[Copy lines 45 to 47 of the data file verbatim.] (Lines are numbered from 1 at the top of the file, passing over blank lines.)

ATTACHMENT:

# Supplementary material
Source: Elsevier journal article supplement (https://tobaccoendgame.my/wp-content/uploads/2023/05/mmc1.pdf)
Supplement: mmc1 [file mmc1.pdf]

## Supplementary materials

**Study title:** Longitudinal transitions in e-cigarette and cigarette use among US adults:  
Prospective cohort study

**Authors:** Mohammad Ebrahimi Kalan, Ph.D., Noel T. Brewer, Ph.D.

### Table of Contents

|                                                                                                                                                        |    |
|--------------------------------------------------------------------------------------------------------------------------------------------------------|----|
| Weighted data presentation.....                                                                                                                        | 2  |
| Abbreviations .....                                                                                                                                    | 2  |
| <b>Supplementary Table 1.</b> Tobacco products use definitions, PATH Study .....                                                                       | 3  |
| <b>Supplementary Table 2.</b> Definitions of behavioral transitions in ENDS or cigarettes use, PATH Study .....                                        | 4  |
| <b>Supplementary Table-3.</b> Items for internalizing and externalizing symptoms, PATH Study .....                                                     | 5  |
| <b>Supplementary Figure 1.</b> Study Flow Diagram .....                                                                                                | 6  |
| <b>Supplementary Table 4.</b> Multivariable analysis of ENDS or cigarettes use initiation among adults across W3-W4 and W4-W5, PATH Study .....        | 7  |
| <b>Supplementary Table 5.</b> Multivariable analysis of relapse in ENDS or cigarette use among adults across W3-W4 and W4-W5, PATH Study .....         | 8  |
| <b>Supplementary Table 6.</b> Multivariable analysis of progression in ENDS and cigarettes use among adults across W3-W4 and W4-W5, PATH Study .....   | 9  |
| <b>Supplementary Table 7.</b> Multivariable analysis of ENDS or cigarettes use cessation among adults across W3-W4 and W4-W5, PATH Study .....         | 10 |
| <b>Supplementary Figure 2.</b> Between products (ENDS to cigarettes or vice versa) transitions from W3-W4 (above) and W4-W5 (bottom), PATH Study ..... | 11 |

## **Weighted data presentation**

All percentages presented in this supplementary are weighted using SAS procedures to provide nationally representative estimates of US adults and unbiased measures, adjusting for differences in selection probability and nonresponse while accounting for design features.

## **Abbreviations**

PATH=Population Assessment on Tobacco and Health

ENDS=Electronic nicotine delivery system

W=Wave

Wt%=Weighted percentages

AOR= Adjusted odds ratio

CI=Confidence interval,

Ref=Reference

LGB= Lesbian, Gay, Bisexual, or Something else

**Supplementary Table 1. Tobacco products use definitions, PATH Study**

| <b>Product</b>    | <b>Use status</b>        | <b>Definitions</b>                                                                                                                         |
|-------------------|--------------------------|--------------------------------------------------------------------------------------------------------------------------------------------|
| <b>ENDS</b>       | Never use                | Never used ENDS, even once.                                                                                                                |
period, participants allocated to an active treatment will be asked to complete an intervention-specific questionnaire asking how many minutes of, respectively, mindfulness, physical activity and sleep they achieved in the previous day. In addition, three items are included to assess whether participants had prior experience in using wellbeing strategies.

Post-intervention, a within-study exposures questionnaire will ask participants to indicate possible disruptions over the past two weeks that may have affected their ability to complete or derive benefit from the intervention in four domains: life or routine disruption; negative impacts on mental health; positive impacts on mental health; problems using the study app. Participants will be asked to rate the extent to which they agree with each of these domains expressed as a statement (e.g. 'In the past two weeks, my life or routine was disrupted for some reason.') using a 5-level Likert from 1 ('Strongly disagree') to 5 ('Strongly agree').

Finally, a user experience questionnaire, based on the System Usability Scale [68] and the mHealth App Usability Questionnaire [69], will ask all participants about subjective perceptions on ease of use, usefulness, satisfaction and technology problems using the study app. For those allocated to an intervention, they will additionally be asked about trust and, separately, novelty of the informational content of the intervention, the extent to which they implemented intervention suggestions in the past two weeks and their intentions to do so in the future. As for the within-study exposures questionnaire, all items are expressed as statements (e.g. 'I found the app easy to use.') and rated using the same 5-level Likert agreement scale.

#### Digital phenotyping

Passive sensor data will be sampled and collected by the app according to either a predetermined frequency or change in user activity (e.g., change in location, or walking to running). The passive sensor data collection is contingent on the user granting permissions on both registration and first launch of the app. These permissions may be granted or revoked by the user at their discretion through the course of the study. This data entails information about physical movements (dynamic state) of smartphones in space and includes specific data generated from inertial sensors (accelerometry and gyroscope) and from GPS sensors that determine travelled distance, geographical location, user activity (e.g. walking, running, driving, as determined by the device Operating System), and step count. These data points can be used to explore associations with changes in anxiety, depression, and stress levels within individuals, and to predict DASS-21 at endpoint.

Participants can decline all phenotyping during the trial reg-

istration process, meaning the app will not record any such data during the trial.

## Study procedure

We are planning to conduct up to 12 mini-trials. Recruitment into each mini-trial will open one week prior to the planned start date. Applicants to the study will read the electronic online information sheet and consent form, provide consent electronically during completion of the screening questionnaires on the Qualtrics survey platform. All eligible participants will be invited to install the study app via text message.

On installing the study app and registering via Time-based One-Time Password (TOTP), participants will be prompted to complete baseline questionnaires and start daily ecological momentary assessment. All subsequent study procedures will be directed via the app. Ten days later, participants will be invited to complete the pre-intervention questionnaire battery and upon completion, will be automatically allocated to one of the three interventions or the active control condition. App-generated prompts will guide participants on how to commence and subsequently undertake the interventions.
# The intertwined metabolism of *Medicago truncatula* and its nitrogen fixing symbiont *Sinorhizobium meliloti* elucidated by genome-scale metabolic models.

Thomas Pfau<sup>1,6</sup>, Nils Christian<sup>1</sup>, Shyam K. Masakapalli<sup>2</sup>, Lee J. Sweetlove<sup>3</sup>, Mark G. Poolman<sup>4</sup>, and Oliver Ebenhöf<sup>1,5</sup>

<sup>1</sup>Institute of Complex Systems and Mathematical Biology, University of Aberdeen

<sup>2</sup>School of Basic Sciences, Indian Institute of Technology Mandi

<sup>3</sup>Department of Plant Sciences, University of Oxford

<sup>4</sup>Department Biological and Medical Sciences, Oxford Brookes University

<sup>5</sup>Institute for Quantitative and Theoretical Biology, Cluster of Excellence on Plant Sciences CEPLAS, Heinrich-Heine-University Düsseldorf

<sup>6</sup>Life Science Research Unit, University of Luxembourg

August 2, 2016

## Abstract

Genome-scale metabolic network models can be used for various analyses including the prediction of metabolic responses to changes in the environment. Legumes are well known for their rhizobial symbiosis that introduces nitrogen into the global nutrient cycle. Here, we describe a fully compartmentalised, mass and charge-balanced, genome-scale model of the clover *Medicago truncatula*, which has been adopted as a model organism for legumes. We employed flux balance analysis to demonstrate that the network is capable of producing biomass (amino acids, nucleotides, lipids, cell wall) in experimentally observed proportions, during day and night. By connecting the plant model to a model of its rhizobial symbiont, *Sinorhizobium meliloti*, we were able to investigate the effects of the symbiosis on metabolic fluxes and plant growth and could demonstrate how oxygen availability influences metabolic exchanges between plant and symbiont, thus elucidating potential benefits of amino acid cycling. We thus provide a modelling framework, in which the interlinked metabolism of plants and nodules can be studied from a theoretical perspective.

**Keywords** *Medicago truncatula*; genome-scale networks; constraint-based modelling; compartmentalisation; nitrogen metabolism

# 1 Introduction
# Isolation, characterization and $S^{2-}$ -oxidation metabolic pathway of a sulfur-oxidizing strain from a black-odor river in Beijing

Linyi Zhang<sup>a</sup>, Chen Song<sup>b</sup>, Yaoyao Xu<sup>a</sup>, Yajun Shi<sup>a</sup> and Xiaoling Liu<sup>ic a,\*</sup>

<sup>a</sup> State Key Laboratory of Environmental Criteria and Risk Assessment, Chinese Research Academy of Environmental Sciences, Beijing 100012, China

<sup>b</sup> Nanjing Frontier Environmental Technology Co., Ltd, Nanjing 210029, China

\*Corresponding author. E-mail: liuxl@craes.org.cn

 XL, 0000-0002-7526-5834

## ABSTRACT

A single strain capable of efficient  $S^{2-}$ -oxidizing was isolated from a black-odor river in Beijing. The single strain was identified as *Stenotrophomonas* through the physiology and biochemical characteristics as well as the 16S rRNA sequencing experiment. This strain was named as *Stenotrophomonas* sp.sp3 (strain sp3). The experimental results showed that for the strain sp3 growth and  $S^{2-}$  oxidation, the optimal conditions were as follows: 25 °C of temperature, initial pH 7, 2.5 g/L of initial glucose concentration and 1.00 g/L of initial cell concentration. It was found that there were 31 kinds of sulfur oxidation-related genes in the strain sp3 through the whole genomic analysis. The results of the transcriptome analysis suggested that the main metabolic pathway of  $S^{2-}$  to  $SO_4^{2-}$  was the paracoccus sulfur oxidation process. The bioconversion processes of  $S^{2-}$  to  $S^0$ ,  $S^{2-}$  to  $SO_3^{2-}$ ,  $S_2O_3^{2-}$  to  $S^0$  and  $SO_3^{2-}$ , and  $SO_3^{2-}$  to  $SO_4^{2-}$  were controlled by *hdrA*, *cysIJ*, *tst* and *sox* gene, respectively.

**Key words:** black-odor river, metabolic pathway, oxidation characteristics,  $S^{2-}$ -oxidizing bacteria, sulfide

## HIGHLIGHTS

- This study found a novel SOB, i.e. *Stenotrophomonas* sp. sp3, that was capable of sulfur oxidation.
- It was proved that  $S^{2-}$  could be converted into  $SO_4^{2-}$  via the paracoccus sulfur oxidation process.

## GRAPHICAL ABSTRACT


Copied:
We are planning to conduct up to 12 mini-trials. Recruitment into each mini-trial will open one week prior to the planned start date. Applicants to the study will read the electronic online information sheet and consent form, provide consent electronically during completion of the screening questionnaires on the Qualtrics survey platform. All eligible participants will be invited to install the study app via text message.

On installing the study app and registering via Time-based One-Time Password (TOTP), participants will be prompted to complete baseline questionnaires and start daily ecological momentary assessment. All subsequent study procedures will be directed via the app. Ten days later, participants will be invited to complete the pre-intervention questionnaire battery and upon completion, will be automatically allocated to one of the three interventions or the active control condition. App-generated prompts will guide participants on how to commence and subsequently undertake the interventions.
# The intertwined metabolism of *Medicago truncatula* and its nitrogen fixing symbiont *Sinorhizobium meliloti* elucidated by genome-scale metabolic models.